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March 19, 2023

Why No One Really Dies from Suicide.

I had originally written a similar article years ago, but when I think about it today, it feels like yesterday.

Celebrity Ricki Lake had posted on her Instagram that year:

“It is with a heavy heart that I share that my beloved soulmate, Christian Evans has passed. He succumbed to his lifelong struggle with bipolar disorder.”

Instantly, I knew what she meant. And how she felt.

I read the flood of comments, mostly supportive toward her: “Love, best wishes, sorry for your loss.” But, as all of us entangled in this complicated world of mental illness and addiction know, the lack of understanding or compassion toward our loved one will rear its ugly head.

As soon as I began reading “selfish” and “no one dies from bipolar,” I stopped reading. After all, I know how it goes.

And I disagree. People do die from bipolar disorder and other illnesses every day.

Personally, I don’t think anyone dies from suicide.

I have spent my entire life surrounded by alcohol addiction; it exists on many branches of my family tree. Just like Lake, I loved someone very much who struggled in this life but lost his brave battle in March 2012.

I spent over six years—six long, excruciating years—obsessed and determined to save my younger brother from addiction. I am not saying this because I believe I’m some kind of hero, but rather just the opposite. I am saying it because I acknowledge I made several mistakes along the way. My brother was lost. So was I.

Our journey had become such a crazy, out-of-control series of events that I started keeping notes; I didn’t think anyone would believe this could happen from “just alcohol.”

While most stories of its kind give you just a partial glimpse of what goes on, it became my intent to tell the whole story, without shame, beginning with our childhood. What I know now—and didn’t know then—is that childhood trauma can cause anxiety, depression, severe mental health issues, alcohol and drug addiction, and yes, even suicidal ideation.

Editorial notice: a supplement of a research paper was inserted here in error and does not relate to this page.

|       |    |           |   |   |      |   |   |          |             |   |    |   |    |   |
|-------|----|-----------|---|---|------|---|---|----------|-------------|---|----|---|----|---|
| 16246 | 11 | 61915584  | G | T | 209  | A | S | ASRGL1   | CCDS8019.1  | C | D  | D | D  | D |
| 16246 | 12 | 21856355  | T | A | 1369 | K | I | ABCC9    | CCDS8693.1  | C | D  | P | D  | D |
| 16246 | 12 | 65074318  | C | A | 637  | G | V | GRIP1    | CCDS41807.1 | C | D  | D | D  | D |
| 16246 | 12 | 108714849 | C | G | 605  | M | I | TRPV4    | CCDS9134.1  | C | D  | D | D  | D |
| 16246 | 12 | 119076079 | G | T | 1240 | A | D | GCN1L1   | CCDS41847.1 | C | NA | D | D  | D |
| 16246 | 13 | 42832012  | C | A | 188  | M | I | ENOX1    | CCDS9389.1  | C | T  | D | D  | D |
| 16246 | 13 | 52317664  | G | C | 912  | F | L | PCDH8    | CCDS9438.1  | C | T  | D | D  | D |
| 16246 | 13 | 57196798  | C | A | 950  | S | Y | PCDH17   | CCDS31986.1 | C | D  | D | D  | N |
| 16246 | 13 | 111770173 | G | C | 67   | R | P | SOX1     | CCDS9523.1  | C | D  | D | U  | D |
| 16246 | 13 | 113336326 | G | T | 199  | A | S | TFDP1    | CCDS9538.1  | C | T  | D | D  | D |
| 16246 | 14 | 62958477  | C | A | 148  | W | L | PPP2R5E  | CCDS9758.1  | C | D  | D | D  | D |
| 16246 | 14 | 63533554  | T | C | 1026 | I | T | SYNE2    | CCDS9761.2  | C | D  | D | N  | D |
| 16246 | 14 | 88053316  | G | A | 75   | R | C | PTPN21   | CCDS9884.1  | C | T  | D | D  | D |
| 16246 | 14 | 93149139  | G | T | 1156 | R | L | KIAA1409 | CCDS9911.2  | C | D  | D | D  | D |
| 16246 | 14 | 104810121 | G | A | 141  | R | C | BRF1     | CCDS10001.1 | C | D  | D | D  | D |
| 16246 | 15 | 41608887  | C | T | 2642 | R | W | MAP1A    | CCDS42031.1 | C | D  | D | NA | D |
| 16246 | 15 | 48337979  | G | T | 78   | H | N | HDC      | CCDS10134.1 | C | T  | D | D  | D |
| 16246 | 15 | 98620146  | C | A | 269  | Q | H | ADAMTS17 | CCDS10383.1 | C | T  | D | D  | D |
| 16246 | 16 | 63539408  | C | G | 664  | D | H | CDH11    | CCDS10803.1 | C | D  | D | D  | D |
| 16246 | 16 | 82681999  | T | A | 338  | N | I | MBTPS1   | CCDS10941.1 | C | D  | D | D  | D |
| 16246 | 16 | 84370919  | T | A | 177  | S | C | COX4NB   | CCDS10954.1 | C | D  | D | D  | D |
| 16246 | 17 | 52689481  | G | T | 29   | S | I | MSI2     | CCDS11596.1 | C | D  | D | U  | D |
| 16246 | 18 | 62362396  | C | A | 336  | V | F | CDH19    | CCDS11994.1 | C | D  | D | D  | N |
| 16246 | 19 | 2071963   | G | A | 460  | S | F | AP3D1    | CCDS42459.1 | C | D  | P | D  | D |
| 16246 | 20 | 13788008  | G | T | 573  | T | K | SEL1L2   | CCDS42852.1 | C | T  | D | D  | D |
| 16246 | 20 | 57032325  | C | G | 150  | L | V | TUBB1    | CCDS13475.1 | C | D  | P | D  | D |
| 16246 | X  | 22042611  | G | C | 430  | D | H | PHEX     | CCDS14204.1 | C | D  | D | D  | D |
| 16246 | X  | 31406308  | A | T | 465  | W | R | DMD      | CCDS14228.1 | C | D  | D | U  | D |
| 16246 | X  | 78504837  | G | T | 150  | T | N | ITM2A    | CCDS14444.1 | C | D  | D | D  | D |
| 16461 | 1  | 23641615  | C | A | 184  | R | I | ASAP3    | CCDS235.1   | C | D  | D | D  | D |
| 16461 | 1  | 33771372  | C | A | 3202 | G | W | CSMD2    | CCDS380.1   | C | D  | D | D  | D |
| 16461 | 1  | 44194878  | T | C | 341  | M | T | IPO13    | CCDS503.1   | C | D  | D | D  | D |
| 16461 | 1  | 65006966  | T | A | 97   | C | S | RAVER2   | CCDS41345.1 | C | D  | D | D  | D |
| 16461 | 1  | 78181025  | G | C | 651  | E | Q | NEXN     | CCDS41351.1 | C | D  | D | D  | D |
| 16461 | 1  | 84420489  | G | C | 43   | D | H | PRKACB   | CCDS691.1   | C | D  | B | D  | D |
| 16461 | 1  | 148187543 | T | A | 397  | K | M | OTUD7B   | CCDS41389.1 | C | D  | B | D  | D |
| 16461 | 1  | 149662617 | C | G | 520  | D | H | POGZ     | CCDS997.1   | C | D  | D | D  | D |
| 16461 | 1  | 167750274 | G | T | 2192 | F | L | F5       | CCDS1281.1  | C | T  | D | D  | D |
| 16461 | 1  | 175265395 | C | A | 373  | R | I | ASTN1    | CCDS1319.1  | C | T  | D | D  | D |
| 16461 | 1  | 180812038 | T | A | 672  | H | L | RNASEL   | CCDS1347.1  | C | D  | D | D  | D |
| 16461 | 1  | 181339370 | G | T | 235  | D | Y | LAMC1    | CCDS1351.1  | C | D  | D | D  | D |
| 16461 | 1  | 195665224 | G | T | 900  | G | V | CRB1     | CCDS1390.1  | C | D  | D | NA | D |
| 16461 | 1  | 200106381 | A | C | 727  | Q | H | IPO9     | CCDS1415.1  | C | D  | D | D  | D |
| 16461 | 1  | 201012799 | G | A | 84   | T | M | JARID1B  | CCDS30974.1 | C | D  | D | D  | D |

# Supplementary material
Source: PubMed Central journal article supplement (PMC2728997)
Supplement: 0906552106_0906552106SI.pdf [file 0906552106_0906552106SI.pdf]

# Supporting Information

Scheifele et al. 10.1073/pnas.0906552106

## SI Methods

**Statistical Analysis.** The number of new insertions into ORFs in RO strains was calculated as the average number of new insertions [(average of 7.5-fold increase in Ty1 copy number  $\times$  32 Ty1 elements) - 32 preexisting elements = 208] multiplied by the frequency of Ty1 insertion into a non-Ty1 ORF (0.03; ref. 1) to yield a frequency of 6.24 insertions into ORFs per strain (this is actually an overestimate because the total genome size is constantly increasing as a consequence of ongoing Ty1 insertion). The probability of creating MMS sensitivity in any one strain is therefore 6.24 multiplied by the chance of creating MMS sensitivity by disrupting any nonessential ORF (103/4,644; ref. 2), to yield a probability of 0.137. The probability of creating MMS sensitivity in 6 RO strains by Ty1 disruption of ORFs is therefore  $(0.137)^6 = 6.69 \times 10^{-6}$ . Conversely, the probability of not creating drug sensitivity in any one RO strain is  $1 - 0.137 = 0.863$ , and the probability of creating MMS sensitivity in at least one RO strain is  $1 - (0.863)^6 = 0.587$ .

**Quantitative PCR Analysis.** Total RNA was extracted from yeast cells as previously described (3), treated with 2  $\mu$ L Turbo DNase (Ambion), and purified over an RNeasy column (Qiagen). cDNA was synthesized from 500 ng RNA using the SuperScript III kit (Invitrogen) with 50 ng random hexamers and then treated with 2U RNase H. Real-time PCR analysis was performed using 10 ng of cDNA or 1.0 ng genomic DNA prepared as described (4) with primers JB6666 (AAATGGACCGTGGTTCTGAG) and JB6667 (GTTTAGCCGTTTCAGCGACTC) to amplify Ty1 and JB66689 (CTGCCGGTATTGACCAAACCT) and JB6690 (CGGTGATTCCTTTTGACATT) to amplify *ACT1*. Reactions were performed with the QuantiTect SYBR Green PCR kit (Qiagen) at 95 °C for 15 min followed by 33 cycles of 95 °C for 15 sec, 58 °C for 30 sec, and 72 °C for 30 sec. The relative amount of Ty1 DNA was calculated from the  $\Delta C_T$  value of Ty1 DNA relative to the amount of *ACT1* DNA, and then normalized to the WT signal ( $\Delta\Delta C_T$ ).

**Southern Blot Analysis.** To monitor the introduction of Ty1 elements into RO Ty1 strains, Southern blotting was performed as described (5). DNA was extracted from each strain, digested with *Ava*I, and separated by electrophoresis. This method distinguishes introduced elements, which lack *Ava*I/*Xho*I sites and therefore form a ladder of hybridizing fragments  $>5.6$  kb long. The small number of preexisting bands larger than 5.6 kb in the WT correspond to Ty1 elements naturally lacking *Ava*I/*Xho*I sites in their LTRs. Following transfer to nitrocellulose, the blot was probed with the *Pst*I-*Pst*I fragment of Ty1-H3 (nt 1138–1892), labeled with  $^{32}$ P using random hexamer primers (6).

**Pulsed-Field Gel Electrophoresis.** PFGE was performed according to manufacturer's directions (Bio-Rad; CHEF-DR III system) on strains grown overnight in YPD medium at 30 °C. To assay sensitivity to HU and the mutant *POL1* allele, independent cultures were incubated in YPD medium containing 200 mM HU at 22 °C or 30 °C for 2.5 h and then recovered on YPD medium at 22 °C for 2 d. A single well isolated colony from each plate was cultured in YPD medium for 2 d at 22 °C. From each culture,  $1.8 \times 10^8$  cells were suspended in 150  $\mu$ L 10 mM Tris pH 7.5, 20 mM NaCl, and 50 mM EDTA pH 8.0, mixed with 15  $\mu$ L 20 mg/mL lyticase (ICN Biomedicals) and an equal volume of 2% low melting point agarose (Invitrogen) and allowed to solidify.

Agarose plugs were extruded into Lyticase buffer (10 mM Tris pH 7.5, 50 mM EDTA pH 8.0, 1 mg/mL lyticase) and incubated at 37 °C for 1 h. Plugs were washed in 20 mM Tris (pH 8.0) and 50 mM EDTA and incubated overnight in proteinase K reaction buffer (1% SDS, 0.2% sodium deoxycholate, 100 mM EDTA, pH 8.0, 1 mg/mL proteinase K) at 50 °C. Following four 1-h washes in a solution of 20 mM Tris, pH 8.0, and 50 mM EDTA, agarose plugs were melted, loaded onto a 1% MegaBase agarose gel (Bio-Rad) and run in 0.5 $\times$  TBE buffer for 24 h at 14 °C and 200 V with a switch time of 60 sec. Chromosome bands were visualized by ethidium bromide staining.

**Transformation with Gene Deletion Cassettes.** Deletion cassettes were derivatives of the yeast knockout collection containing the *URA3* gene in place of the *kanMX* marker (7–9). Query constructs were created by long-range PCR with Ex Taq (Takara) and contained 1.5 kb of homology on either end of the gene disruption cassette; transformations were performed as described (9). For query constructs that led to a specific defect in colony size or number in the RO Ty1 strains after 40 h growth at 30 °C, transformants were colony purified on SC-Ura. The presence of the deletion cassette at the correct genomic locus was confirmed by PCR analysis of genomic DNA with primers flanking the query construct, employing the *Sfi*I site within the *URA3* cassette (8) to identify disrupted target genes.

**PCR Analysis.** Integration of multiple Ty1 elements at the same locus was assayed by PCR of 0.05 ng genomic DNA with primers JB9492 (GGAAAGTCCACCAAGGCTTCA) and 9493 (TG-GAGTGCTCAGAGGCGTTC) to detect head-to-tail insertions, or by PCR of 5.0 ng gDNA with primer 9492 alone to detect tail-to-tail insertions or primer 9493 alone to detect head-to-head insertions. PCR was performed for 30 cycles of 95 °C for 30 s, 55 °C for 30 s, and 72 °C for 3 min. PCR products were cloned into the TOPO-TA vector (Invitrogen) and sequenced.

And so, without any prior writing experience, I wrote a memoir: The Sun is Gone: A Sister Lost in Secrets, Shame, and Addiction, and How I Broke Free.

Within a couple of days, I got my first newspaper interview. I was grateful; I couldn’t spread this important message of change without the support of the media.

I believed these uncomfortable topics were going to create a conversation. Eliminate the shame and stigma. Encourage families to all get the help they need.

When the article was published the next day, I read the second sentence and lost my breath. It was a reminder of how powerful and influential the media is when reporting on a story.

“…ended with suicide.”

What? His suicide?!

Those simple words threw me off, and I started to cry. I had spent over three years writing, a girl on a mission, calculated and precise. I knew exactly how I wanted to tell this story, and it was always my intent that no one know the ending in advance. Not because I was hiding or ashamed or trying to pull a fast one, but rather I wanted to allow everyone to experience my brother’s and my journey, just as we did.

I wanted to allow everyone to experience what it really feels like while also giving knowledge, courage, encouragement, compassion, empathy, and most importantly, hope.

The CDC (Centers for Disease Control and Prevention) states that suicide is the leading cause of death in the United States. In 2020, 46,000 people died from suicide, 12.2 million thought about suicide, 3.2 million made a plan, and 1.2 million attempted suicide.

These are incredibly important statistics. These are our mothers, fathers, brothers, sisters, grandparents, aunts, uncles, cousins, friends, neighbors, and children.

But let’s not zoom in on just that one word—suicide—or we will not be looking in the right direction. We will be losing sight of the issues at hand: the causes and help for depression, anxiety, bipolar disorder, borderline personality disorder, addiction, and all the other things that lead to someone taking their own life.

I have watched a loved one pass away from cancer. Someone who was once a strong, energetic, virile man gradually became confined to a hospital bed with feeding tubes; he was unable to speak, had suffered weight loss, and become a shell of who he once was. But no one would ever say that he died from heart failure when, finally, his heart could not take fighting the cancer anymore.

My brother did not die from suicide.

My brother died a slow, painful, agonizing death from addiction and mental illness. Did he take his own life? Yes. But that does not change the fact that alcoholism was what led to his death.

Had my brother found sobriety and help for his mental health issues, he would still probably be anxious, uncomfortable, and have to find the strength within himself to work through his pain. He would have had complicated struggles with his family and with all of life’s difficulties, in the way that we all have. But he would be alive today.

My brother died 11 years ago on March 18th, 2012. It feels like yesterday.


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